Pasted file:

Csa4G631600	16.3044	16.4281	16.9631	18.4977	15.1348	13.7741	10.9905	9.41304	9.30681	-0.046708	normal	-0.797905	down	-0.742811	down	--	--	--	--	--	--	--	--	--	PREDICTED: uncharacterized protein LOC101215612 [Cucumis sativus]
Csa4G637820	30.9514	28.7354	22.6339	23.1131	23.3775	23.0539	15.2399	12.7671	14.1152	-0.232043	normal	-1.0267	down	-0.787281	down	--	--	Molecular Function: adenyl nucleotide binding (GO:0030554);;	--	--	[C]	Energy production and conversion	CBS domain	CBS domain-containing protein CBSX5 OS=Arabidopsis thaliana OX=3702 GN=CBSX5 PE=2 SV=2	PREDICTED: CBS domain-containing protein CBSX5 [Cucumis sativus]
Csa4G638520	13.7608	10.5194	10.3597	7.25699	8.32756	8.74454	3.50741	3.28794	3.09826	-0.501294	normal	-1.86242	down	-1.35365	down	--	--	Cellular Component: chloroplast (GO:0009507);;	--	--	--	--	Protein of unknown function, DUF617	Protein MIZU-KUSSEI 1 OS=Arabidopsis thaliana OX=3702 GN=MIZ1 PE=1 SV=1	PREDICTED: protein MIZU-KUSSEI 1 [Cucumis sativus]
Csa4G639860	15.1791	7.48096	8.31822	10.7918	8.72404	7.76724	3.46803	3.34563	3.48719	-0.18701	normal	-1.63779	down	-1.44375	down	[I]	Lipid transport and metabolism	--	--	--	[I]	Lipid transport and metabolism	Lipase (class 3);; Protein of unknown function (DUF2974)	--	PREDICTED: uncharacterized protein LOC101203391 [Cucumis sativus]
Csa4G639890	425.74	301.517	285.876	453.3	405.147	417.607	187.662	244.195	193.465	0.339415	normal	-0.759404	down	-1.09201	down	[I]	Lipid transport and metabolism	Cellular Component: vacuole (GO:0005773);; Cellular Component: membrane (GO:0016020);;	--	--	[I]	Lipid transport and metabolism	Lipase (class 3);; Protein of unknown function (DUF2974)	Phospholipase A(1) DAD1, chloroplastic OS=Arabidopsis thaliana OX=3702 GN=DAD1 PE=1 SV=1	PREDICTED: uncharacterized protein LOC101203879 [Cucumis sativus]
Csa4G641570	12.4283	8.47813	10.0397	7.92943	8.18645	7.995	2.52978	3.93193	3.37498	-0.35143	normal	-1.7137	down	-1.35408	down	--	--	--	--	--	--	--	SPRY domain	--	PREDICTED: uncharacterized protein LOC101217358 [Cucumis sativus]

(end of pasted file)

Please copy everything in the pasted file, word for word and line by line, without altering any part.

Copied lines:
Csa4G631600	16.3044	16.4281	16.9631	18.4977	15.1348	13.7741	10.9905	9.41304	9.30681	-0.046708	normal	-0.797905	down	-0.742811	down	--	--	--	--	--	--	--	--	--	PREDICTED: uncharacterized protein LOC101215612 [Cucumis sativus]
Csa4G637820	30.9514	28.7354	22.6339	23.1131	23.3775	23.0539	15.2399	12.7671	14.1152	-0.232043	normal	-1.0267	down	-0.787281	down	--	--	Molecular Function: adenyl nucleotide binding (GO:0030554);;	--	--	[C]	Energy production and conversion	CBS domain	CBS domain-containing protein CBSX5 OS=Arabidopsis thaliana OX=3702 GN=CBSX5 PE=2 SV=2	PREDICTED: CBS domain-containing protein CBSX5 [Cucumis sativus]
Csa4G638520	13.7608	10.5194	10.3597	7.25699	8.32756	8.74454	3.50741	3.28794	3.09826	-0.501294	normal	-1.86242	down	-1.35365	down	--	--	Cellular Component: chloroplast (GO:0009507);;	--	--	--	--	Protein of unknown function, DUF617	Protein MIZU-KUSSEI 1 OS=Arabidopsis thaliana OX=3702 GN=MIZ1 PE=1 SV=1	PREDICTED: protein MIZU-KUSSEI 1 [Cucumis sativus]
Csa4G639860	15.1791	7.48096	8.31822	10.7918	8.72404	7.76724	3.46803	3.34563	3.48719	-0.18701	normal	-1.63779	down	-1.44375	down	[I]	Lipid transport and metabolism	--	--	--	[I]	Lipid transport and metabolism	Lipase (class 3);; Protein of unknown function (DUF2974)	--	PREDICTED: uncharacterized protein LOC101203391 [Cucumis sativus]
Csa4G639890	425.74	301.517	285.876	453.3	405.147	417.607	187.662	244.195	193.465	0.339415	normal	-0.759404	down	-1.09201	down	[I]	Lipid transport and metabolism	Cellular Component: vacuole (GO:0005773);; Cellular Component: membrane (GO:0016020);;	--	--	[I]	Lipid transport and metabolism	Lipase (class 3);; Protein of unknown function (DUF2974)	Phospholipase A(1) DAD1, chloroplastic OS=Arabidopsis thaliana OX=3702 GN=DAD1 PE=1 SV=1	PREDICTED: uncharacterized protein LOC101203879 [Cucumis sativus]
Csa4G641570	12.4283	8.47813	10.0397	7.92943	8.18645	7.995	2.52978	3.93193	3.37498	-0.35143	normal	-1.7137	down	-1.35408	down	--	--	--	--	--	--	--	SPRY domain	--	PREDICTED: uncharacterized protein LOC101217358 [Cucumis sativus]